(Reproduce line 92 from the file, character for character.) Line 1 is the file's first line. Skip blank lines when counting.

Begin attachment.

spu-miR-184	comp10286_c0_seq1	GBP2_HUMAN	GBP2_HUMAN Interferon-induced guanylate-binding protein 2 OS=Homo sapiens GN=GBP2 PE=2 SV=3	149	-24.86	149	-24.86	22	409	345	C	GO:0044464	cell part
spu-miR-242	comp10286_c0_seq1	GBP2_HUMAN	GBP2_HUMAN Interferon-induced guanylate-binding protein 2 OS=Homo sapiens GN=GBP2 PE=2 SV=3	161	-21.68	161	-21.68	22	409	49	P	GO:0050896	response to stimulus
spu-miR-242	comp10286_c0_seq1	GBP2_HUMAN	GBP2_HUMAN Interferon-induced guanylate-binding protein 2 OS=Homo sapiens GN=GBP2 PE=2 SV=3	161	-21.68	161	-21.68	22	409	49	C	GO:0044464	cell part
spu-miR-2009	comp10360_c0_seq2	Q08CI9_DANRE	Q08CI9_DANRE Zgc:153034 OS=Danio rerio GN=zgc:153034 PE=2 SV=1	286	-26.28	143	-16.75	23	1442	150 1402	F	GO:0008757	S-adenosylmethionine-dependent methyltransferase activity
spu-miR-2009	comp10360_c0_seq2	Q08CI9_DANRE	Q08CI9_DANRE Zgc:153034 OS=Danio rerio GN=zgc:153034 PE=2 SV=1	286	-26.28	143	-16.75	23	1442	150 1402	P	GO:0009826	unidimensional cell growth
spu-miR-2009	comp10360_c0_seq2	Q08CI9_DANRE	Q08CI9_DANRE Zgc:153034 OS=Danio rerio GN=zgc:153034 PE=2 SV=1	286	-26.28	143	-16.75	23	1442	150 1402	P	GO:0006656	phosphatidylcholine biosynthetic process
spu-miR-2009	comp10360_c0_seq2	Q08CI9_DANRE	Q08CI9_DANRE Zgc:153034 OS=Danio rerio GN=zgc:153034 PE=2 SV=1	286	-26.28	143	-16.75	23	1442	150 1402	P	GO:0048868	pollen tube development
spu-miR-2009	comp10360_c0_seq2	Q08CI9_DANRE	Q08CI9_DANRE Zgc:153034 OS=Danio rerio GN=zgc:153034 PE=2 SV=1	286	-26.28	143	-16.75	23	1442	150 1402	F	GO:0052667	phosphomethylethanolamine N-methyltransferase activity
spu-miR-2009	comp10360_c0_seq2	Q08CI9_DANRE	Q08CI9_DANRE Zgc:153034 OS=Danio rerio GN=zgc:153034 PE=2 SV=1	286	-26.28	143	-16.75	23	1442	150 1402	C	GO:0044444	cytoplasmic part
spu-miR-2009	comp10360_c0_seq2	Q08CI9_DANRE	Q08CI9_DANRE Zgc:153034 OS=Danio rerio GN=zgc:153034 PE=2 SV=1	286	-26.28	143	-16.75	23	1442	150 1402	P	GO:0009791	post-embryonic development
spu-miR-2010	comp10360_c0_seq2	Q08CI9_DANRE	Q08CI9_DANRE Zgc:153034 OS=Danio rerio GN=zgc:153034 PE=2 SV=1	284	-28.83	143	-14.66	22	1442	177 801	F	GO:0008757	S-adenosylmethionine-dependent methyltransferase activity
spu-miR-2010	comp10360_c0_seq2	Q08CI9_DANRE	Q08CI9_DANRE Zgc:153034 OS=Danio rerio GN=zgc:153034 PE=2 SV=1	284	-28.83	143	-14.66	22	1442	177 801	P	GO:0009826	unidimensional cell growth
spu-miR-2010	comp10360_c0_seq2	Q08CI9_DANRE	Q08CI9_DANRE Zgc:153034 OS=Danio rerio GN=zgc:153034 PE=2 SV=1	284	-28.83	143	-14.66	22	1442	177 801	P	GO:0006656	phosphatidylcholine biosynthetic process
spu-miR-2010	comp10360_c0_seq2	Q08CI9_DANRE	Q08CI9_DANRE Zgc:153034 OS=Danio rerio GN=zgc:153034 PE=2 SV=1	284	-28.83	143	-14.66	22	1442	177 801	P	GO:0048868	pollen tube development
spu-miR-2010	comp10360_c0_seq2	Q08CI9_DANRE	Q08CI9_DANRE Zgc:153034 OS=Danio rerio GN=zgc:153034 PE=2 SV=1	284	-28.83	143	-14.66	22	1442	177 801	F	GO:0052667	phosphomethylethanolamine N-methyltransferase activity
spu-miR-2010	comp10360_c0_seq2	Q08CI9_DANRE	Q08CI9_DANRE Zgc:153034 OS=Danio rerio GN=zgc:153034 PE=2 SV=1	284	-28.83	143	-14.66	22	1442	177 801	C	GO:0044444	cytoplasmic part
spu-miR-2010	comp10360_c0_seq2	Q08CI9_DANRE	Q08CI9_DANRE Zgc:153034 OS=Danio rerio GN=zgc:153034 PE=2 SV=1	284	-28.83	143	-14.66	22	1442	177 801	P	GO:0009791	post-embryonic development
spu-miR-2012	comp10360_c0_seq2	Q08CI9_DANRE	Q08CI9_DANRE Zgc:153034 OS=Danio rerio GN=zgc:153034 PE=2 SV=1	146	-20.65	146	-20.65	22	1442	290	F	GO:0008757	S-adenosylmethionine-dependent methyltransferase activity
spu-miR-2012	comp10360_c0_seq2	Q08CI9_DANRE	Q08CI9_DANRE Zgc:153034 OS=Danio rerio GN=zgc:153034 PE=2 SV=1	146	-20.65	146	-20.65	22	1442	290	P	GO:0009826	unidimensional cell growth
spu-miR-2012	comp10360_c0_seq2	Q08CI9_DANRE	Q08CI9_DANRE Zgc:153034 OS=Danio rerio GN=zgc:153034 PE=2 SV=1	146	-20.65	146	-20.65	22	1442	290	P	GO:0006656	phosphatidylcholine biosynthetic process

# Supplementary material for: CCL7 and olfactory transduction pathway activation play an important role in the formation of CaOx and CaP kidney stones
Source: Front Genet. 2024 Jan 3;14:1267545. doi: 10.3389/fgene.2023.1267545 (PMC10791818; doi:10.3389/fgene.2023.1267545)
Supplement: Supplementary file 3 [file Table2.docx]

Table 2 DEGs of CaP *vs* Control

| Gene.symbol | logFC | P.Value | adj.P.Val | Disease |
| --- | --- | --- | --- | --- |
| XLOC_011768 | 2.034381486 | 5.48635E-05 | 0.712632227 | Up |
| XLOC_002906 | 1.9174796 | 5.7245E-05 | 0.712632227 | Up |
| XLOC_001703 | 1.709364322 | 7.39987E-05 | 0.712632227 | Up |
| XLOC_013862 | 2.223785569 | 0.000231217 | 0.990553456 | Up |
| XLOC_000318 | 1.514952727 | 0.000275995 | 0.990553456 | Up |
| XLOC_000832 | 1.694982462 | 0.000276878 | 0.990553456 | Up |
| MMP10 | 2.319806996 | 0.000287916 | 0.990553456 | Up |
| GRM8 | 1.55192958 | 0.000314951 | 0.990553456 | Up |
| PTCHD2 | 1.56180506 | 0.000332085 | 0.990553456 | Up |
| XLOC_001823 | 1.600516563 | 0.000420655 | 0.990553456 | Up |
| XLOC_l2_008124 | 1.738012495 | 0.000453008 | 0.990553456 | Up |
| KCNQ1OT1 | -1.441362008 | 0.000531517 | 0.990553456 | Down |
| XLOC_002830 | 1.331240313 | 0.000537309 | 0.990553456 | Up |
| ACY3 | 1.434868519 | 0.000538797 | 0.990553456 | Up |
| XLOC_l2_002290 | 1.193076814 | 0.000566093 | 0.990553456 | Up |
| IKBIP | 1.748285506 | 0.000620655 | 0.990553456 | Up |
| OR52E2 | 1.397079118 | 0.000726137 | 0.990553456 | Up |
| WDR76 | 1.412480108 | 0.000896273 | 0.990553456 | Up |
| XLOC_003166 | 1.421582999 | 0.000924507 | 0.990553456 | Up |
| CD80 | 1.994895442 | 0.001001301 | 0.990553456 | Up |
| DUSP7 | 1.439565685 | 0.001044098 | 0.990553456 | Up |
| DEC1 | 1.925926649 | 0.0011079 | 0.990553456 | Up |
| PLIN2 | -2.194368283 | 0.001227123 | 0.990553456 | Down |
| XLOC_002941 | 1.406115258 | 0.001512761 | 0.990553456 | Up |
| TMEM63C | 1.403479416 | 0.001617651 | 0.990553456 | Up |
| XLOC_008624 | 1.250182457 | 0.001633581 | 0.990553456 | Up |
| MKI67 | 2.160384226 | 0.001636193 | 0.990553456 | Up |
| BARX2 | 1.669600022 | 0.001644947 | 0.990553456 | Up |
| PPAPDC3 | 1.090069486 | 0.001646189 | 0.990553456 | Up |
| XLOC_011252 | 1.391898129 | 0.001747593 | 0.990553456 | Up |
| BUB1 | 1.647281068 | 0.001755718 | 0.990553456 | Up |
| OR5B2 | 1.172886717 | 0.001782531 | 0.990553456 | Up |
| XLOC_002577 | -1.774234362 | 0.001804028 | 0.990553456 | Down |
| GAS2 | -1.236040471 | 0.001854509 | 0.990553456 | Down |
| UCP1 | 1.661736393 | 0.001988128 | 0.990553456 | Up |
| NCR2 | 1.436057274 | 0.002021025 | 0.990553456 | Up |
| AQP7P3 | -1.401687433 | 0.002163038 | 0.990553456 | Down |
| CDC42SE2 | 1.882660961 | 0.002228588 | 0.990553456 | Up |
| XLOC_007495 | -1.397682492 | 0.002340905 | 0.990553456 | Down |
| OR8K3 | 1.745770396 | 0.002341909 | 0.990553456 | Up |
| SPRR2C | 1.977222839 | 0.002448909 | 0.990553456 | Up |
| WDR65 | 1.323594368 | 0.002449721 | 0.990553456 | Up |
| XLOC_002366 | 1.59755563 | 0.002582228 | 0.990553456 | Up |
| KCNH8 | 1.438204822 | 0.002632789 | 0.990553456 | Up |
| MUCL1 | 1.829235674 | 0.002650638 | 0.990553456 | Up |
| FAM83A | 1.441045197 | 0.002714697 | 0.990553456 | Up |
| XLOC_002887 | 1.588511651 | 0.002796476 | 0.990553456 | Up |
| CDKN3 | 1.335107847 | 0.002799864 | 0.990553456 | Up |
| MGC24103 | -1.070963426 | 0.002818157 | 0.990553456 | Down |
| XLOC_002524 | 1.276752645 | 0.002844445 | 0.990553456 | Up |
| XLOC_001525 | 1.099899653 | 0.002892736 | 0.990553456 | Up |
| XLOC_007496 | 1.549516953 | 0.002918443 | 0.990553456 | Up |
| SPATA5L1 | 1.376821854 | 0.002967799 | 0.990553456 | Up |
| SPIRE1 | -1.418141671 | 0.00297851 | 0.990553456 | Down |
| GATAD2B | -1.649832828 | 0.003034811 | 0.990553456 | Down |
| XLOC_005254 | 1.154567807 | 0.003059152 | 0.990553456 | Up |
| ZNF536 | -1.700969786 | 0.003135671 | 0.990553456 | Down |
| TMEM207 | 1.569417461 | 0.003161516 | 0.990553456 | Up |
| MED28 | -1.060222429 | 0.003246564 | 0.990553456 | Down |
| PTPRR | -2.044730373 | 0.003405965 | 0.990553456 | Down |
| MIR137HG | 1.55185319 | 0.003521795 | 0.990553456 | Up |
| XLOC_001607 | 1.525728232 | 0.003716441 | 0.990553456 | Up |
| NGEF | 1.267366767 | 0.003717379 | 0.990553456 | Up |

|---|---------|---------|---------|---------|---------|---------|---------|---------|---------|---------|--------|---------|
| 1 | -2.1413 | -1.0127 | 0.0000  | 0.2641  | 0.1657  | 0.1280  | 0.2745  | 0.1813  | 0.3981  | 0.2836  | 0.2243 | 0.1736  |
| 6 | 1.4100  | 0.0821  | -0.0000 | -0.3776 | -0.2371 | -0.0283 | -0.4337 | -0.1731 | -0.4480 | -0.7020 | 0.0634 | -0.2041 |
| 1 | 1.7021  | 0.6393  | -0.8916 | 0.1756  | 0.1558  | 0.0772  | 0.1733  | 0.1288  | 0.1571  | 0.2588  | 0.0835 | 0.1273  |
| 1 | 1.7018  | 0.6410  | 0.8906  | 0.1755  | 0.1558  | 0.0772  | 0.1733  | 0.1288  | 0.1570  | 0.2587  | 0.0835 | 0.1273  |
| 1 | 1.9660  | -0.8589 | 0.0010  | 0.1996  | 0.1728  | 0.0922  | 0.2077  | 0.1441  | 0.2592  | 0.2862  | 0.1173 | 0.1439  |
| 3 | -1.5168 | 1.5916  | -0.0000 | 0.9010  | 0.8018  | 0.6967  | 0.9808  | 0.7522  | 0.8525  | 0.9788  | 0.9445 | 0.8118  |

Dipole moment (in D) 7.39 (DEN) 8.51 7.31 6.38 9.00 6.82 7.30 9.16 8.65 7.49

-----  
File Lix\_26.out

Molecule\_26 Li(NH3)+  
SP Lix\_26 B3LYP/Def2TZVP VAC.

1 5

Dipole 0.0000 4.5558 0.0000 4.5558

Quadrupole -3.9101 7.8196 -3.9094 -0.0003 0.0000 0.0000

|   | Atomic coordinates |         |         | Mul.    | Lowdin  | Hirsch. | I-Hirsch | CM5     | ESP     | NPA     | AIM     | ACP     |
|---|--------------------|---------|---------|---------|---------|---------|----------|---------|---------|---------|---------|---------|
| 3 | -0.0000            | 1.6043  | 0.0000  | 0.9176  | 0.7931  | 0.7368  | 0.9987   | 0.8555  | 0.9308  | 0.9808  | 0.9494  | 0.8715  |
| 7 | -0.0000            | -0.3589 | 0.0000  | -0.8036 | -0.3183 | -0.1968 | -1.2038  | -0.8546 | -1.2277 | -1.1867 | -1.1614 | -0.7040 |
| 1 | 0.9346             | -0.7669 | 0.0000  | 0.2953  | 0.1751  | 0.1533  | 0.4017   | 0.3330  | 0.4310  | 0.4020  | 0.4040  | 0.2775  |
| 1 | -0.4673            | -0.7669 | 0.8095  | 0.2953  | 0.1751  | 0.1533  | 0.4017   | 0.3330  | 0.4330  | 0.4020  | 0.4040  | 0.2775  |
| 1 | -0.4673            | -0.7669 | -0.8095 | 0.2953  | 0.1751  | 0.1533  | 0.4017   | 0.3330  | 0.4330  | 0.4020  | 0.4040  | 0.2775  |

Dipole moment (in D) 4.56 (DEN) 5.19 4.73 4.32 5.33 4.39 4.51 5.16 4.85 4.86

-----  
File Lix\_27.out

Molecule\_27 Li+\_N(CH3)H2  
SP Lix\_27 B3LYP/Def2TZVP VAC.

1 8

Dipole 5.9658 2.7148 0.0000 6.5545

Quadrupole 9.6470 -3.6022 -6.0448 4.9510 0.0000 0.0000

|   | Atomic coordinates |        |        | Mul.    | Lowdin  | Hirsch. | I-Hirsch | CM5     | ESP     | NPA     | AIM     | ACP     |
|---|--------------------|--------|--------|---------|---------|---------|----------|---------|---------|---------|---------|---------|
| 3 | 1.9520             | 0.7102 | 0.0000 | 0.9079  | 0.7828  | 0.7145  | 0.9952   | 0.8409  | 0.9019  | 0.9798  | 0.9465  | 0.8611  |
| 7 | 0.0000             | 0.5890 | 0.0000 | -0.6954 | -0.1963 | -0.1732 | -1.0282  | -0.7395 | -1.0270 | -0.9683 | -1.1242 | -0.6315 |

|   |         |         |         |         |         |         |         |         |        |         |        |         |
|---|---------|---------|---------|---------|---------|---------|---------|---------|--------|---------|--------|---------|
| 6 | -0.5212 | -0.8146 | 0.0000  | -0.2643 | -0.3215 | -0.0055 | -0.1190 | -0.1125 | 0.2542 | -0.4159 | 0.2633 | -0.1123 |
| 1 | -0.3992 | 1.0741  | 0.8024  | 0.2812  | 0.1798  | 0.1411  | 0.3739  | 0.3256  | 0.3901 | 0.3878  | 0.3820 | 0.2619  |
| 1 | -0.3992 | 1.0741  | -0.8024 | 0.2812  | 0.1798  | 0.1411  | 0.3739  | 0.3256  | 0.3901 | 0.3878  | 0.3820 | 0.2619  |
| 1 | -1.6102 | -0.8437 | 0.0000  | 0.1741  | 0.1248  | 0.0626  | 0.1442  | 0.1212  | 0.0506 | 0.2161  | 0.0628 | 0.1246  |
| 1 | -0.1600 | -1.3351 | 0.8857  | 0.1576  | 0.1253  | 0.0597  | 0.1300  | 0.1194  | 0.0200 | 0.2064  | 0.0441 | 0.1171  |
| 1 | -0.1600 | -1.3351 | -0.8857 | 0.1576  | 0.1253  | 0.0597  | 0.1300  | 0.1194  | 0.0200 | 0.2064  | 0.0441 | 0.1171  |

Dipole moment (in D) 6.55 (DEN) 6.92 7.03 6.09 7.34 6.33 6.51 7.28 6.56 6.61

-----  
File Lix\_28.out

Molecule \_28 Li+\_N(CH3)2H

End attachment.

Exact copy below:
| 6 | 1.4100  | 0.0821  | -0.0000 | -0.3776 | -0.2371 | -0.0283 | -0.4337 | -0.1731 | -0.4480 | -0.7020 | 0.0634 | -0.2041 |